Coffee beans are grown in coffee plantations. The coffee plant is a shrub that can grow to 10 meters (about 33 feet) tall, though most varieties are much smaller. The leaves are glossy and dark green, and the flowers are small and white.

The fruit of the coffee plant is called a cherry, and each cherry contains two seeds, which we know as coffee beans. Coffee plants are native to Ethiopia, but they now grow in many countries around the world including Brazil, Colombia, India, Indonesia, Vietnam, and Uganda. It takes about 3-5 years for a coffee plant to mature and produce cherries.

Once the cherries are ripe, they are picked by hand or with machinery depending on the plantation size. After picking, the cherries go through a process of sorting and cleaning before they are ready to be hulled (have their outer layers removed). The final step in getting coffee beans is roasting them.

This step brings out the flavor that we know and love in our morning cup of joe. Roasting also makes the beans easier to grind so that we can brew them into coffee.

Coffee Harvesting Process

From the time the coffee cherry is picked to when it arrives in your cup, there are many steps along the way. The coffee harvesting process can be long and arduous, but ultimately results in a delicious beverage enjoyed by millions every day. The first step in coffee harvesting is picking the cherries from the tree.

This is typically done by hand, although some farms use machines to speed up the process. Once the cherries are picked, they are sorted into two groups: ripe and unripe. Ripe cherries are then hulled, or stripped of their outer skin and pulp.

The beans are then separated from the husk and gathered for further processing. The next step is drying, which can be done either naturally or using mechanical dryers. Natural drying takes place on raised beds where air circulates around the beans and gradually reduces their moisture content over several weeks.

Mechanical dryers work much faster but can result in uneven drying if not used properly. After drying, the beans are stored in sacks until they are ready for milling. Milling is the process of removing the final layers of parchment and fruit from around the bean.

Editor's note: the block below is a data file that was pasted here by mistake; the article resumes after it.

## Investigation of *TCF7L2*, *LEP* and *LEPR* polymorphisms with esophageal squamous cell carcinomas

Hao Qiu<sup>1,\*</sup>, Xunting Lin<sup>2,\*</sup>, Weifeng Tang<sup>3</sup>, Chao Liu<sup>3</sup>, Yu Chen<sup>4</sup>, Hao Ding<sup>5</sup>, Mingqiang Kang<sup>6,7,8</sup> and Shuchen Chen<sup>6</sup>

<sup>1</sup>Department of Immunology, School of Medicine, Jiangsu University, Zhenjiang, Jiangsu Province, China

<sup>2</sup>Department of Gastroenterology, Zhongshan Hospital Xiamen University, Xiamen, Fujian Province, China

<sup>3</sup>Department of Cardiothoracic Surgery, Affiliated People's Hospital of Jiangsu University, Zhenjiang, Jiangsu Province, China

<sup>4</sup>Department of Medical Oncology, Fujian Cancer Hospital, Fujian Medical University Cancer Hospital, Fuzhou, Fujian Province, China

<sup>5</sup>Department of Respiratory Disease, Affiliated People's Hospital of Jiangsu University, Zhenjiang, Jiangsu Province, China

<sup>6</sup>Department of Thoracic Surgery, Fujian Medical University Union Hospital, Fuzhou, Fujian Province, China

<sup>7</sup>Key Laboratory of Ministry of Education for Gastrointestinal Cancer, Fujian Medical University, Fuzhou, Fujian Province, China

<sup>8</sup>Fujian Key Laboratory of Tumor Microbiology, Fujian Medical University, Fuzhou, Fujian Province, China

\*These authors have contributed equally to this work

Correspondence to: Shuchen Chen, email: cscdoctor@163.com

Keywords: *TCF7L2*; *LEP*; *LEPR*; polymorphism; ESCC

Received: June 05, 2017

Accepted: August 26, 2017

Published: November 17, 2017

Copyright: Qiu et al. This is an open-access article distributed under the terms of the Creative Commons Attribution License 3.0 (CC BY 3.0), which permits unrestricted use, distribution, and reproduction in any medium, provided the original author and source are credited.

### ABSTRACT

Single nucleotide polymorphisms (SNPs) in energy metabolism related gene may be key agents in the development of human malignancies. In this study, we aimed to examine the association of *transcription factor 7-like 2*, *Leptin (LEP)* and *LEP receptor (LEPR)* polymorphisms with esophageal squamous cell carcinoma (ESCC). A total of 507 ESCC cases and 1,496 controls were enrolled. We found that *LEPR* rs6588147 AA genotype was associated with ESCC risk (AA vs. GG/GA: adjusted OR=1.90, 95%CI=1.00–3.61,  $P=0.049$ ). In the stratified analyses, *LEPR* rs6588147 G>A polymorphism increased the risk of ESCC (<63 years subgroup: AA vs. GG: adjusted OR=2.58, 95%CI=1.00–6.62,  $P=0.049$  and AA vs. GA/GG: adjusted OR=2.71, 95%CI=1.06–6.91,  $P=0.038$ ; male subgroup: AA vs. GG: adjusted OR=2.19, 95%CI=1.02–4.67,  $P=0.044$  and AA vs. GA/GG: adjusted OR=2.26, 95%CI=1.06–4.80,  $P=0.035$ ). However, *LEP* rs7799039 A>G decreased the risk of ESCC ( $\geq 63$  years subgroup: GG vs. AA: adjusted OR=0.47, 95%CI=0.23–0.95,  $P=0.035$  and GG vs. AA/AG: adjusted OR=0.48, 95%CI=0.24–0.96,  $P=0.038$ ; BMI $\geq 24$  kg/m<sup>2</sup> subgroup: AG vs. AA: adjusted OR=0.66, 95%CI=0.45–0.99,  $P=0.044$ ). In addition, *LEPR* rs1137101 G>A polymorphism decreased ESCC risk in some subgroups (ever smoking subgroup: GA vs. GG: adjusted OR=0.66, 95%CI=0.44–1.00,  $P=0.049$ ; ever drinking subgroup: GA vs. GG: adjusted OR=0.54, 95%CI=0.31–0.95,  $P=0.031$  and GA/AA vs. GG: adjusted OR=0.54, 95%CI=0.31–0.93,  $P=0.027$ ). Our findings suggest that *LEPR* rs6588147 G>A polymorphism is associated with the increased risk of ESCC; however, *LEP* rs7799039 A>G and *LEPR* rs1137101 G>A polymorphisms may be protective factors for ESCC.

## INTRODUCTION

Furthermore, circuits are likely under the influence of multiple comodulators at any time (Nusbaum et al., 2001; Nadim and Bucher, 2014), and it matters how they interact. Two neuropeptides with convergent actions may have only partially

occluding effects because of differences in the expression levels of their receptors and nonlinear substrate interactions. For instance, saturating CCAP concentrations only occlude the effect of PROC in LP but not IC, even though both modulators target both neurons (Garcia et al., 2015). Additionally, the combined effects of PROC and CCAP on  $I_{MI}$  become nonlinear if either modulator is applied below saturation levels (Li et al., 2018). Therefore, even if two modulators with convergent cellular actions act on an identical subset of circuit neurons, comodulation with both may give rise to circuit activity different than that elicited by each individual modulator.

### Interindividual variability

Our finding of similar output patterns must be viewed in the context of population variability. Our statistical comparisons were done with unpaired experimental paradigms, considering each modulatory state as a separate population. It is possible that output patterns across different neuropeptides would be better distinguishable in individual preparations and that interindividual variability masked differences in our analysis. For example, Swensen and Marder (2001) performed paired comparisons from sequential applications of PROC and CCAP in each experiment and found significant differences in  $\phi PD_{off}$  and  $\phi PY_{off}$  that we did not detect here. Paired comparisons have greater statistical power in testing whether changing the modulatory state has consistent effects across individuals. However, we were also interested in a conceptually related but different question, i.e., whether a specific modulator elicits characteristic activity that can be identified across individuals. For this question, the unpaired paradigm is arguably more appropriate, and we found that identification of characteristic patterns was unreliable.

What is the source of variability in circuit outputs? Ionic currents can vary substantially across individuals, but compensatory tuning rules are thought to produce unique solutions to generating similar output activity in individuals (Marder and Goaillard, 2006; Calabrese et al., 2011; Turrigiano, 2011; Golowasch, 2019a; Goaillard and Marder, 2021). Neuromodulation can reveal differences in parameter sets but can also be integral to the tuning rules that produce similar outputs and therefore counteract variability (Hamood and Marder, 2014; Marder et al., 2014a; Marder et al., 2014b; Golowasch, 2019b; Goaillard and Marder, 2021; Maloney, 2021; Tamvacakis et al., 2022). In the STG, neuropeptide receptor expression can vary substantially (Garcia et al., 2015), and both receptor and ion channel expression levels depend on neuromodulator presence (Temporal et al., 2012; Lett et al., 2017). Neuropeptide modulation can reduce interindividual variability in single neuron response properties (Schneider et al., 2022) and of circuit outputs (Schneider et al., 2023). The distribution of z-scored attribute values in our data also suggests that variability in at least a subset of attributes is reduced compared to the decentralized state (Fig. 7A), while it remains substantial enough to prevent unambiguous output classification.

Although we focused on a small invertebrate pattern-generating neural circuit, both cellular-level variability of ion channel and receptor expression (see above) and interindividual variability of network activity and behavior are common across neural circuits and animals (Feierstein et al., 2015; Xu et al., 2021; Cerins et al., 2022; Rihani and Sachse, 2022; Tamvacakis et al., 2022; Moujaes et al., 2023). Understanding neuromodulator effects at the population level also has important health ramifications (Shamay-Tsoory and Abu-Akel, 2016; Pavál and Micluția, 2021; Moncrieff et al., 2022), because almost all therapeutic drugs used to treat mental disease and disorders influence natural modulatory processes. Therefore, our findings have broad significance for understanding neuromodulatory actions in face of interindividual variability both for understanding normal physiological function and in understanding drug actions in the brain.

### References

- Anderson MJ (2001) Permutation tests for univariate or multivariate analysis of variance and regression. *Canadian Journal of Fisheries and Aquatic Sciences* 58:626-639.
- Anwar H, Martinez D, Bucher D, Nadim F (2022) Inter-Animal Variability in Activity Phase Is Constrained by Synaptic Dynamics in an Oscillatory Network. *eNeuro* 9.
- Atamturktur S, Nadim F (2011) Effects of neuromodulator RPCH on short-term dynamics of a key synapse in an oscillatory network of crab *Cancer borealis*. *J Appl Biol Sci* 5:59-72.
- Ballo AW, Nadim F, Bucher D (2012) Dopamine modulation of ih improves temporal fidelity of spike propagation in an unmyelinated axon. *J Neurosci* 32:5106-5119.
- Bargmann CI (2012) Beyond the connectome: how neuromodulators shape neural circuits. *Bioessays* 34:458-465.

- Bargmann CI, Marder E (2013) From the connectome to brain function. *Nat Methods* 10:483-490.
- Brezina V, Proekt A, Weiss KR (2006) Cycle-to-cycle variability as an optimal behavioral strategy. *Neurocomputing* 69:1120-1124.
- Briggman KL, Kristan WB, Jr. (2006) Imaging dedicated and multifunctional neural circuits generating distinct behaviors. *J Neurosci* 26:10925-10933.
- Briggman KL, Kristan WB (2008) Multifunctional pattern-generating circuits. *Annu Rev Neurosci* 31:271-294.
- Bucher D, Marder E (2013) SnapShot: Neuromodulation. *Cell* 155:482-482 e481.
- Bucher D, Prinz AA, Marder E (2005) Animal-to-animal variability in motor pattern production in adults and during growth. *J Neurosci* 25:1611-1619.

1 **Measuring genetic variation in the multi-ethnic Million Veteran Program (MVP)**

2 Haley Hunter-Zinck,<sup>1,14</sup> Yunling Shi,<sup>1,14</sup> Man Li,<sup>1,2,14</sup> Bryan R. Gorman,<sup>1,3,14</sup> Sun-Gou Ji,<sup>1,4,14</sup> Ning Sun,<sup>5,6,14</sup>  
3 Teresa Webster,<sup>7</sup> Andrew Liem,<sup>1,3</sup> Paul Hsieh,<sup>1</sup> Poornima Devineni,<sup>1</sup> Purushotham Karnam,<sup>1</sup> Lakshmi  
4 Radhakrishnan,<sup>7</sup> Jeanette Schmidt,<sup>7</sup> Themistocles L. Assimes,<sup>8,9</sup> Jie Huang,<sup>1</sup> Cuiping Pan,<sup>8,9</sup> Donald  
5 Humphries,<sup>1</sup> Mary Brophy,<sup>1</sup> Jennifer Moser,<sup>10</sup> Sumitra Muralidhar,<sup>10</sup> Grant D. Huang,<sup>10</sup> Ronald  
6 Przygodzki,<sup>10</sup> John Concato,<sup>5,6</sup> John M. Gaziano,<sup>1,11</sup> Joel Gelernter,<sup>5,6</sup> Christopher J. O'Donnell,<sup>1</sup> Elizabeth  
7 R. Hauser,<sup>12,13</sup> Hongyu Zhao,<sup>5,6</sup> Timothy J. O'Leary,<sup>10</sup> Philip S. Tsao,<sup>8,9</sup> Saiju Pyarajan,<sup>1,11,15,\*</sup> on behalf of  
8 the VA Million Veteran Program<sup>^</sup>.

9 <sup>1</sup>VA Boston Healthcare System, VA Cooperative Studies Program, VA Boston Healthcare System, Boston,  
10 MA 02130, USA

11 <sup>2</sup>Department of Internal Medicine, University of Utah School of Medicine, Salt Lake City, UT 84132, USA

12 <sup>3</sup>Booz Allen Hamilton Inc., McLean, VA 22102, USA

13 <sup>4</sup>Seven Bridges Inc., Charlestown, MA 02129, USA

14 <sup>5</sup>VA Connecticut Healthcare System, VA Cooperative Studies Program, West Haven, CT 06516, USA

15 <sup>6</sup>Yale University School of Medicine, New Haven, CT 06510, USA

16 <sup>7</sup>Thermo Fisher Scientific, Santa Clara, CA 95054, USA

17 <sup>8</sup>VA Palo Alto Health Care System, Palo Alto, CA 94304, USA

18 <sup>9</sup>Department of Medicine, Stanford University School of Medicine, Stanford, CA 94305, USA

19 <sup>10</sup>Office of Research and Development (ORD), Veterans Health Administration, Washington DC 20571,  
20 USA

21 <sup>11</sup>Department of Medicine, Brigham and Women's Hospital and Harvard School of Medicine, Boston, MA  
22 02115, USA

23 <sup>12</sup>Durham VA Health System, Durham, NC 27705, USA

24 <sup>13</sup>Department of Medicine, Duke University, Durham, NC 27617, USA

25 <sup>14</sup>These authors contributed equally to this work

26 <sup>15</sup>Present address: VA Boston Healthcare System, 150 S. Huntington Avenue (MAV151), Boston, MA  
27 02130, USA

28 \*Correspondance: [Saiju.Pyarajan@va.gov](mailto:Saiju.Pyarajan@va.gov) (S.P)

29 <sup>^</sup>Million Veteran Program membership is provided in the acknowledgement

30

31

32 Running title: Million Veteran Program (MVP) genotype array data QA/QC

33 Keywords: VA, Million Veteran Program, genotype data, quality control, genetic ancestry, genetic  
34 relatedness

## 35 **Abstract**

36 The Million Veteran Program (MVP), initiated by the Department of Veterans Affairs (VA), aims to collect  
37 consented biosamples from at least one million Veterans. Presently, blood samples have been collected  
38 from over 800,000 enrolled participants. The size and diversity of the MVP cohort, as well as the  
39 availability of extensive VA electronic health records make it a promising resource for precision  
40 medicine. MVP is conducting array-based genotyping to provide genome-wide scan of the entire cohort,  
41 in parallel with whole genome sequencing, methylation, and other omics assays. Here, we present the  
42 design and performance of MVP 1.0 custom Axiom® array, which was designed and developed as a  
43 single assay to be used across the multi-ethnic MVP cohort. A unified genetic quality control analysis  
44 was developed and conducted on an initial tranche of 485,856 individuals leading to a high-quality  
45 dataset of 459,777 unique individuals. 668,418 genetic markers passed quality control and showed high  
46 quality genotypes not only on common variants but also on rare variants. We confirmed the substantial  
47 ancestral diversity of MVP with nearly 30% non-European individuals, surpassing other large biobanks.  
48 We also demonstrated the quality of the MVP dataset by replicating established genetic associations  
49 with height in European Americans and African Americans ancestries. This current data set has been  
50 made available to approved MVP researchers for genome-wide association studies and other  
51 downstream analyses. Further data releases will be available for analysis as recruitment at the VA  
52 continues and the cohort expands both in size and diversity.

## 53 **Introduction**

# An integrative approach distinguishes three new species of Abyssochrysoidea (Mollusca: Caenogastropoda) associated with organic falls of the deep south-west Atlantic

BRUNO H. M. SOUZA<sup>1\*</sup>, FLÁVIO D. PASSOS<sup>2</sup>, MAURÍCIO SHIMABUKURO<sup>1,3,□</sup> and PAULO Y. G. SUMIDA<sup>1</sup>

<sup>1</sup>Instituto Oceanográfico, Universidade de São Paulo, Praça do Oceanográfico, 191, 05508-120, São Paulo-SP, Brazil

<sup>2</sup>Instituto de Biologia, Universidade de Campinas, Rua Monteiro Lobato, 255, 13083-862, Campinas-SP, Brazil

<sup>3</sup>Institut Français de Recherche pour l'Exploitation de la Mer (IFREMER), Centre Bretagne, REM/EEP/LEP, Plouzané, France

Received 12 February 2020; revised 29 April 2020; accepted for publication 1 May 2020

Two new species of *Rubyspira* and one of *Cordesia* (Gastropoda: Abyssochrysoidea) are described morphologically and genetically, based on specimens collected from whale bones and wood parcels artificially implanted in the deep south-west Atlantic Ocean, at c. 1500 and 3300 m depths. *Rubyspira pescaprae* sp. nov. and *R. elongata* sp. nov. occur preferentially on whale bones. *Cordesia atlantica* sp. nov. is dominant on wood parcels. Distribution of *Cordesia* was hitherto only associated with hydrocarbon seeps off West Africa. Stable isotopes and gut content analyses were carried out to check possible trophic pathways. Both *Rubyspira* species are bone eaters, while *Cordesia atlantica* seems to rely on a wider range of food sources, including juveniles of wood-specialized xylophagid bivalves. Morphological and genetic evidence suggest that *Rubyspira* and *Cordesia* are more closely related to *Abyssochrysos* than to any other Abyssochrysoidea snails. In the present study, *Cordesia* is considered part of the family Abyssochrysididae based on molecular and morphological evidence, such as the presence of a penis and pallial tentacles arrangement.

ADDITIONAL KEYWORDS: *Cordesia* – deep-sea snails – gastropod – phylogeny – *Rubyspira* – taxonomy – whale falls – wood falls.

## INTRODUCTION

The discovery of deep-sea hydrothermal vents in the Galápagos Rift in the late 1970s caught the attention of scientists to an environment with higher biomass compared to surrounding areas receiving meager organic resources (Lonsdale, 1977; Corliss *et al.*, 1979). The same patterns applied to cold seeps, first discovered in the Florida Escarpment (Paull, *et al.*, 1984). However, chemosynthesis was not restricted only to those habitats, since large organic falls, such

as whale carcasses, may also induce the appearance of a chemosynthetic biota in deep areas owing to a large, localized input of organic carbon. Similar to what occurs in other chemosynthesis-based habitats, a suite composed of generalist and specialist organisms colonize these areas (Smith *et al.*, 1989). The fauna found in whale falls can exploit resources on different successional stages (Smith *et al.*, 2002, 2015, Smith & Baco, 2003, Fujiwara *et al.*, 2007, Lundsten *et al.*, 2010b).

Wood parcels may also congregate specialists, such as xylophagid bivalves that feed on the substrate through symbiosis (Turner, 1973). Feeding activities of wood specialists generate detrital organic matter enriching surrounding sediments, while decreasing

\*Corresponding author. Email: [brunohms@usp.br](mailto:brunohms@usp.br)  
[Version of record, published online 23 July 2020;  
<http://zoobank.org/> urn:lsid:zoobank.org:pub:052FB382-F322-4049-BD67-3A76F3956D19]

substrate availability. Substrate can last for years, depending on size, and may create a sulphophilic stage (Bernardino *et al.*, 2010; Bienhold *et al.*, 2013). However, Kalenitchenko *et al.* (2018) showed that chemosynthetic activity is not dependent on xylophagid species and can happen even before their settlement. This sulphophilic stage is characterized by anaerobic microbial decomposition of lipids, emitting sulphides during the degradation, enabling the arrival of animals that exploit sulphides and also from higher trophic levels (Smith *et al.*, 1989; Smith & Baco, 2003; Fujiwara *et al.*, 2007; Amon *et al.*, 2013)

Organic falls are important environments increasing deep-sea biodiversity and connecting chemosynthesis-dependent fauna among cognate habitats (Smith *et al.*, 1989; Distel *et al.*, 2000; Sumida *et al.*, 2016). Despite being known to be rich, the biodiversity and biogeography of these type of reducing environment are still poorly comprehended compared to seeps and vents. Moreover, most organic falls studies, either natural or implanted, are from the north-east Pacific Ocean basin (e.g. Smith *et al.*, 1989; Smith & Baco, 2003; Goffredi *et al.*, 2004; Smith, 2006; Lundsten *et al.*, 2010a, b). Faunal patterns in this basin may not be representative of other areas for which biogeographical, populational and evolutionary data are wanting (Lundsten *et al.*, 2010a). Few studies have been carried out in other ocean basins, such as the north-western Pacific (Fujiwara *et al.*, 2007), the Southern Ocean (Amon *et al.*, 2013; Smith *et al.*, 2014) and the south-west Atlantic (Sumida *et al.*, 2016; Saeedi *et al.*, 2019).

This can be done either mechanically or using a chemical solution. Once milled, the beans are sorted according to size and grade before being packaged for sale or shipment to roasters. Coffee harvesting is a complex process that requires careful attention at each stage to ensure a high-quality product.

With so many steps involved, it’s no wonder that your morning cup of joe tastes so good!

Conclusion

It’s coffee harvest season! If you’re lucky enough to have your own coffee tree, or know someone who does, here’s a guide on how to harvest your coffee beans. First, you’ll need to wait until the berries turn red – this is when they’re ripe and ready for picking.

Once they’re red, use either your hands or a small tool to gently remove the berries from the branch. Try not to damage the branch as you don’t want to harm the tree. Once you’ve picked all the berries, it’s time to separate the beans from the fruit.

The easiest way to do this is by using a colander and some water. Put the berries in the colander and rinse with water – the beans will sink to the bottom while the fruit floats. You can then scoop out the beans and spread them out on a towel or mat to dry in direct sunlight.

And that’s it! With just a bit of patience and effort, you’ll be able to enjoy fresh, home-grown coffee beans in no time at all.

About the Author Paul E Nicholson

Hey guys! You can call me Paul E Nicholson.
I spend most of my leisure time Coffee and tea
Let’s share some of them one by one in this blog For Coffee and tea

Share your thoughts

Your email address will not be published. Required fields are marked

{"email":"Email address invalid","url":"Website address invalid","required":"Required field missing"}